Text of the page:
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Ellie Gold is an orthodox Jewish teenager living in Toronto in the late eighties. Ellie has no doubts about her strict religious upbringing until she falls in love with another girl at her grandmother's cottage. Aware that homosexuality clashes with Jewish observance, Ellie feels forced to either alter her sexuality or leave her community. Meanwhile, Ellie's mother, Chana, becomes convinced she has a messianic role to play, and her sister, Neshama, chafes against the restrictions of her faith. Ellie is afraid ...
Ellie Gold is an orthodox Jewish teenager living in Toronto in the late eighties. Ellie has no doubts about her strict religious upbringing until she falls in love with another girl at her grandmother's cottage. Aware that homosexuality clashes with Jewish observance, Ellie feels forced to either alter her sexuality or leave her community. Meanwhile, Ellie's mother, Chana, becomes convinced she has a messianic role to play, and her sister, Neshama, chafes against the restrictions of her faith. Ellie is afraid there is no way to be both gay and Jewish, but her mother and sister offer alternative concepts of God that help Ellie find a place for herself as a queer Jew.
Ellisheva "Ellie" Gold is an Orthodox Jewish teen growing up in Toronto. When she falls for daring, sexy, non-Jewish Lindsay, she begins a struggle with her own homosexuality, worrying that she will be seen as an abomination by her family and community. First denying her urges and then giving in to them, she ultimately realizes that Lindsay is not a good match for her, but that a nice Jewish girl would be just right. Ellie learns that both love and God are like gravity, forces that she can believe in without seeing them. Much of the story concerns her lustful feelings toward Lindsay, and there are some sexual scenes. Her decision to dump Lindsay but embrace her lesbian identity is abrupt after all the angst of the earlier chapters. It makes for a happy ending, but one that is not completely believable. Ellie's struggle with Judaism is complicated by her sister Neshama's disgust with patriarchal traditions and by her nonobservant grandmother's puzzlement with her granddaughter's lifestyle. With no sympathetic representative, traditional Judaism itself comes off as something of a villain, redeemed only when Ellie begins to adapt it to her own needs. A bit slow in plot, a bit conflicted in its portrayal of Judaism, and a bit titillating in its descriptions of Ellie's growing sexual awareness, this novel is a mixed bag. It may offend some readers and be embraced by others, and would certainly make for an interesting discussion.-Heidi Estrin, Feldman Children's Library at Congregation B'nai Israel, Boca Raton, FL
A religious girl struggles to accept a sexuality that she's taught is sinful. Ellie's parents are "reborn-Orthodox" Jews. The family prays many times per day, keeps strictly kosher and barely associates with non-Jews. At a lakeside cottage with her unreligious grandmother one summer, Ellie falls hard for a girl. They kiss, but Lindsay is tauntingly unfriendly and leaves without saying goodbye. Back in Toronto, Ellie yearns for Lindsay and wrestles in secrecy with the notion of sin. Attempting to change, she yanks hair from her scalp and bites her cheek bloody. In counterpoint, Ima (her mother) is banished for singing too loudly in shul; she's particularly fragile, but her actions mortify the family even as the harsh punishment unsettles them. Ellie slowly realizes that for her, Judaism is the same as her beloved geology and oceanography: "When I pray, the words reverberate...They ground me, like bull kelp...rooted to the ocean floor, yet still moving, undulating in the waves." At the end, Judaism and gayness meld, with a touch of sweetness. Heartfelt—a must for Jewish and GLBT collections. (glossary) (Fiction. YA)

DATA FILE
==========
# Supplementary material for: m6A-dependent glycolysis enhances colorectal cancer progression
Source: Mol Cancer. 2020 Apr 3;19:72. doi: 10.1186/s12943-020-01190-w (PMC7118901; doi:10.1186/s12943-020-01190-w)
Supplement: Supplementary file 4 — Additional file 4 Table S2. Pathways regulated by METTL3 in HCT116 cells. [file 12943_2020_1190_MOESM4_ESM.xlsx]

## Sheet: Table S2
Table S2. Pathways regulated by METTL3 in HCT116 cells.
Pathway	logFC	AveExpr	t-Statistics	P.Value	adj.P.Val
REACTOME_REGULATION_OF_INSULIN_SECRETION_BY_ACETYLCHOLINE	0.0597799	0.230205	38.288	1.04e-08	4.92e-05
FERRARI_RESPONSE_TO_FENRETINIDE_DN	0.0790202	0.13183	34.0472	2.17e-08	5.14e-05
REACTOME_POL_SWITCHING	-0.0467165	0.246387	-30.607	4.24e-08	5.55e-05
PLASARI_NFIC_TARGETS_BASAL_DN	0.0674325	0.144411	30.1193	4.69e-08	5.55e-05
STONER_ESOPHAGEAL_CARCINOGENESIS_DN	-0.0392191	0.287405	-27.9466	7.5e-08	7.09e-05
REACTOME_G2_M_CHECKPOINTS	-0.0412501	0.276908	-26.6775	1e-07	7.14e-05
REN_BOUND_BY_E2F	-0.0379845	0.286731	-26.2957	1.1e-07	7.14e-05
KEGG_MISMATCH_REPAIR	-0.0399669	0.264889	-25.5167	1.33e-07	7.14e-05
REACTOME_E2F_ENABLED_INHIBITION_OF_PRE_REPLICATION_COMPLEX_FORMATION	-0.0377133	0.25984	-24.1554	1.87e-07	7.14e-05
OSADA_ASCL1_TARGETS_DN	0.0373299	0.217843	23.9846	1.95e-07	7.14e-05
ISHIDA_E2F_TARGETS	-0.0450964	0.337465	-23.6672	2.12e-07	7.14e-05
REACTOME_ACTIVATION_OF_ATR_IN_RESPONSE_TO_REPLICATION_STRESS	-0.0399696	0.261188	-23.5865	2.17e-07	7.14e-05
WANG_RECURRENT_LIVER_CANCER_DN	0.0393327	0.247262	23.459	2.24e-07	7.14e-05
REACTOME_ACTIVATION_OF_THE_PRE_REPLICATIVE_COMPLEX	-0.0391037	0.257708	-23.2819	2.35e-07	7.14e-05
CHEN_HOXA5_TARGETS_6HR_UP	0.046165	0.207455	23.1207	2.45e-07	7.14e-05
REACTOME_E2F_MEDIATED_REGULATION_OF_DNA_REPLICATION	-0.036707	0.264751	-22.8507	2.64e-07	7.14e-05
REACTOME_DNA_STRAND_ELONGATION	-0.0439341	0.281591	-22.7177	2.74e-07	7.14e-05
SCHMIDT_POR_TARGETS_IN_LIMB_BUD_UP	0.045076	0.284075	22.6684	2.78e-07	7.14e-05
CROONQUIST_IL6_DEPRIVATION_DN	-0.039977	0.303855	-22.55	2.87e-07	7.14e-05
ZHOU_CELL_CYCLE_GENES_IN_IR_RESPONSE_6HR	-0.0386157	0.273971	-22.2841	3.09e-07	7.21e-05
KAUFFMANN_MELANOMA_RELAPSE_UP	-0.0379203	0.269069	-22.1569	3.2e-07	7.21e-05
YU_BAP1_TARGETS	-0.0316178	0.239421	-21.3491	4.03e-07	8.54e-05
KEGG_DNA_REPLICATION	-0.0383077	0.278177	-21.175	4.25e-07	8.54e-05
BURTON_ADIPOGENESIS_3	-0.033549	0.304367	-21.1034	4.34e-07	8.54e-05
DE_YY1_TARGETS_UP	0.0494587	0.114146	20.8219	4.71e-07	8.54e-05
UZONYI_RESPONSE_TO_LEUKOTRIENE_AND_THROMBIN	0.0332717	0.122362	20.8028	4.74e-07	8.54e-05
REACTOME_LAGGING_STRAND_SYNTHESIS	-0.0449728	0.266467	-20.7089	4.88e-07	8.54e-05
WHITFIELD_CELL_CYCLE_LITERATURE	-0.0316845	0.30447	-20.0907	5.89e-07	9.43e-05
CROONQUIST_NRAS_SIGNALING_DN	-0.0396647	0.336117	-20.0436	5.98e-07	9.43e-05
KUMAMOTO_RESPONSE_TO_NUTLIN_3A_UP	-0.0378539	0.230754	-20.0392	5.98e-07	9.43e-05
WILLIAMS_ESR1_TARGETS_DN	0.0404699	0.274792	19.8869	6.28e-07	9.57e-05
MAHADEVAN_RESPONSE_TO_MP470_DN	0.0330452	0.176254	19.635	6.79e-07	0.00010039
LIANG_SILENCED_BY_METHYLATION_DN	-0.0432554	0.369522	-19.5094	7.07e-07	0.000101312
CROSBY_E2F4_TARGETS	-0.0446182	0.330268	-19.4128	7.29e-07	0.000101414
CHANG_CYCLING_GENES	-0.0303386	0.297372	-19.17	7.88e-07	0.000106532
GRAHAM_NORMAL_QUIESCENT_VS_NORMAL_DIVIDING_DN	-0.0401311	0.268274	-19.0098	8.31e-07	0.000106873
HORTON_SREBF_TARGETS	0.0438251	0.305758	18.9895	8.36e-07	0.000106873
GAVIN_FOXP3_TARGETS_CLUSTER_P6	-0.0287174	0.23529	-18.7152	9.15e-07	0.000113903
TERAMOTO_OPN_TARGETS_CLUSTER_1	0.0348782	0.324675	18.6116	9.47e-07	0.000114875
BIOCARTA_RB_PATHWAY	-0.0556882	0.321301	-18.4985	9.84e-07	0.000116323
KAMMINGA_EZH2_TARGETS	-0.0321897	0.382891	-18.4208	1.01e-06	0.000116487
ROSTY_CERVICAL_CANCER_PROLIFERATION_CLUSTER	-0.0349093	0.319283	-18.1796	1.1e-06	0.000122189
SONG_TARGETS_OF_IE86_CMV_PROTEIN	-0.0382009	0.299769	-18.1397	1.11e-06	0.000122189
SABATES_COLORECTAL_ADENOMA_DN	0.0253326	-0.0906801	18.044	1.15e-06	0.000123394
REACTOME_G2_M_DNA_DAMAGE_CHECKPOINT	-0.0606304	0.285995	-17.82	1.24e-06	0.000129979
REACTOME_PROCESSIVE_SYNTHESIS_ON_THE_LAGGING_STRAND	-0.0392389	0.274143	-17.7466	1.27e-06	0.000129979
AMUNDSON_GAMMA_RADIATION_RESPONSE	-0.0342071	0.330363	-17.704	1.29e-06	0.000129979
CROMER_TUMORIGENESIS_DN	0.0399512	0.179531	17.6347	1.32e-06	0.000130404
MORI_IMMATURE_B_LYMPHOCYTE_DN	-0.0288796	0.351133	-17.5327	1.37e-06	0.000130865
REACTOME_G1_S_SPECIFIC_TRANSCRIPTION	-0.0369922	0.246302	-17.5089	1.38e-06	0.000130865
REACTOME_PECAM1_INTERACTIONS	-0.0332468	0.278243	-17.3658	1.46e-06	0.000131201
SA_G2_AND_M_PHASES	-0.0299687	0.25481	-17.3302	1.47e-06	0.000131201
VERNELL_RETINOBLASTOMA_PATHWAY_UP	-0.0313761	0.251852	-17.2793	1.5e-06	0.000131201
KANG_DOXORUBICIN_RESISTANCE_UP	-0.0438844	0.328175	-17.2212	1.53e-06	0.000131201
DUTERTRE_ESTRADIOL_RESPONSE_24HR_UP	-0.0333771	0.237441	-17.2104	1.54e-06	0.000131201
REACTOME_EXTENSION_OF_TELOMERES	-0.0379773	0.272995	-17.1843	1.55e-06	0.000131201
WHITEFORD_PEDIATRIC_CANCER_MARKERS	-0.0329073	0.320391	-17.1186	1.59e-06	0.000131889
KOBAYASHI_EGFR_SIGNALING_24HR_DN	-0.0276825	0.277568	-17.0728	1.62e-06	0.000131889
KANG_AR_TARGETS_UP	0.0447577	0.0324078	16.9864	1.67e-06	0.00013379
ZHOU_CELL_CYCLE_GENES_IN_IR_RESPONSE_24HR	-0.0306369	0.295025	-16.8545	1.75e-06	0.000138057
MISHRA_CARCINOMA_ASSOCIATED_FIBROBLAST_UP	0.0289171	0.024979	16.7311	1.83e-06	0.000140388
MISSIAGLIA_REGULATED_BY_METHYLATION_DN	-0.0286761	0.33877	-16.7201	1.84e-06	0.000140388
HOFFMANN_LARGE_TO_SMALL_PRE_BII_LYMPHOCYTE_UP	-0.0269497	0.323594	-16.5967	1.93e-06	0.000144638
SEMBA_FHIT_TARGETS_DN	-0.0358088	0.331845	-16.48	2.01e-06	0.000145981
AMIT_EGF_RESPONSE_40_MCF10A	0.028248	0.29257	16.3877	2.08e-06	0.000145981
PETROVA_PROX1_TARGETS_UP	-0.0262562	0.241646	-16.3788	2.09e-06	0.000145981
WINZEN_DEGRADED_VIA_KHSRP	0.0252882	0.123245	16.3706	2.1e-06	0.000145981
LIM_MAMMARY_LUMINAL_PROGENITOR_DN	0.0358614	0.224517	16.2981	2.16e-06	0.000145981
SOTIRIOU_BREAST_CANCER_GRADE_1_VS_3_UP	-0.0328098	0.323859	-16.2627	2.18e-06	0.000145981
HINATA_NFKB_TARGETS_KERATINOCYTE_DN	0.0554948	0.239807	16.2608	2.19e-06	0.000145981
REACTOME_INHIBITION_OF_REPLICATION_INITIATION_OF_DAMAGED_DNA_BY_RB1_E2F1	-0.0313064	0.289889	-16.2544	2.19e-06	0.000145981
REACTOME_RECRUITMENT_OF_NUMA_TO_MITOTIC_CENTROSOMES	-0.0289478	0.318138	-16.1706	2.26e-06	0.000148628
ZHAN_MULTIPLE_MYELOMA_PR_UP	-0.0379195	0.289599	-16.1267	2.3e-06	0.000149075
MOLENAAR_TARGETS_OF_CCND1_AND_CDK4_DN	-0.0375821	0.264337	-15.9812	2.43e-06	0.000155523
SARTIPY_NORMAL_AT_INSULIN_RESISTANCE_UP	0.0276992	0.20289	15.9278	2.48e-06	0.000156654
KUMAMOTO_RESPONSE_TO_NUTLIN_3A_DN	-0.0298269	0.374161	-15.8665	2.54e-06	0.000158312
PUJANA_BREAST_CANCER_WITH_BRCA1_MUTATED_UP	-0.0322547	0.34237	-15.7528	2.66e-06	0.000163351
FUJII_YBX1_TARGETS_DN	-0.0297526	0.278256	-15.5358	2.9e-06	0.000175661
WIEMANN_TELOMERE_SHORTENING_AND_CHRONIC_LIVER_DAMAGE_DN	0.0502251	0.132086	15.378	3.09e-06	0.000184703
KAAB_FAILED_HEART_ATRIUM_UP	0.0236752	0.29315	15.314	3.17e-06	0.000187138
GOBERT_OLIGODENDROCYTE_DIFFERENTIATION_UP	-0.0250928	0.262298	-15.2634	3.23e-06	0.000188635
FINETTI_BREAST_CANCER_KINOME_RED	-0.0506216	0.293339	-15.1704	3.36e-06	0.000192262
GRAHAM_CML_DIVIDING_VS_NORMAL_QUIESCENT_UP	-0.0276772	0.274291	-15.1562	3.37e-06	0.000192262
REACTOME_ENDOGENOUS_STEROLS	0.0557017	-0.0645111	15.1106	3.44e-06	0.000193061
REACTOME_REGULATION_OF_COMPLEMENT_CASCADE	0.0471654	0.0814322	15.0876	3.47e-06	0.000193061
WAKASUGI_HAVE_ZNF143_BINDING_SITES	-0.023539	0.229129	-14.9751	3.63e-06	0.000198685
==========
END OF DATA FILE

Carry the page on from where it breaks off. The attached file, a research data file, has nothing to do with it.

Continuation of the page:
"All through dinner a silent rage courses through me. Judaism says I am an abomination, yet God and His commandments are supposed to be good. Mrs. Lowenstein says I can change, but I've tried and it didn't work. Neshama says God is just an idea made up by stupid men who say women can't love other women. What is God anyway? Some big guy in the sky? The creator? Creator of what? I know dinosaur bones are older than the Torah."
Posted January 31, 2009
This book by Canadian first-time author Leanne Lieberman centers on the coming-of-age of Ellie Gold. <BR/><BR/>The story begins during the summer vacation: Ellie goes to her grandmother's cottage in the midst of immaculate natural beauty, a place that she has looked forward to returning to since her first visit. This trip ends unexpectedly, as Ellie ends up falling in love with a girl her age, realizing her homosexuality. <BR/><BR/>However, Ellie has been brought up with strict religious values and traditions, which do not accept homosexuality, and she is forced to choose between shunning her community or denying her true sexuality. <BR/><BR/>Ultimately, through the multiple conflicts illustrated between tradition and modernity, Lieberman establishes that there is a place for all types of people, including Ellie, in society and religion. <BR/><BR/>I definitely enjoyed this story. Lieberman sucessfully develops her characters, and does not shy away from the lust commonly experienced by teenagers. And, coupled with the homosexual storyline, this story provides for a very interesting read, and is friendly to those who are not familiar with Judaism, specifically Orthodoxy. <BR/><BR/>GRAVITY is a good read for any, and despite my initial questions of how Lieberman would create such a challenging story, my concerns were for naught, as the story is an excellent work.Was this review helpful? Yes NoThank you for your feedback. Report this reviewThank you, this review has been flagged.
Posted January 24, 2011
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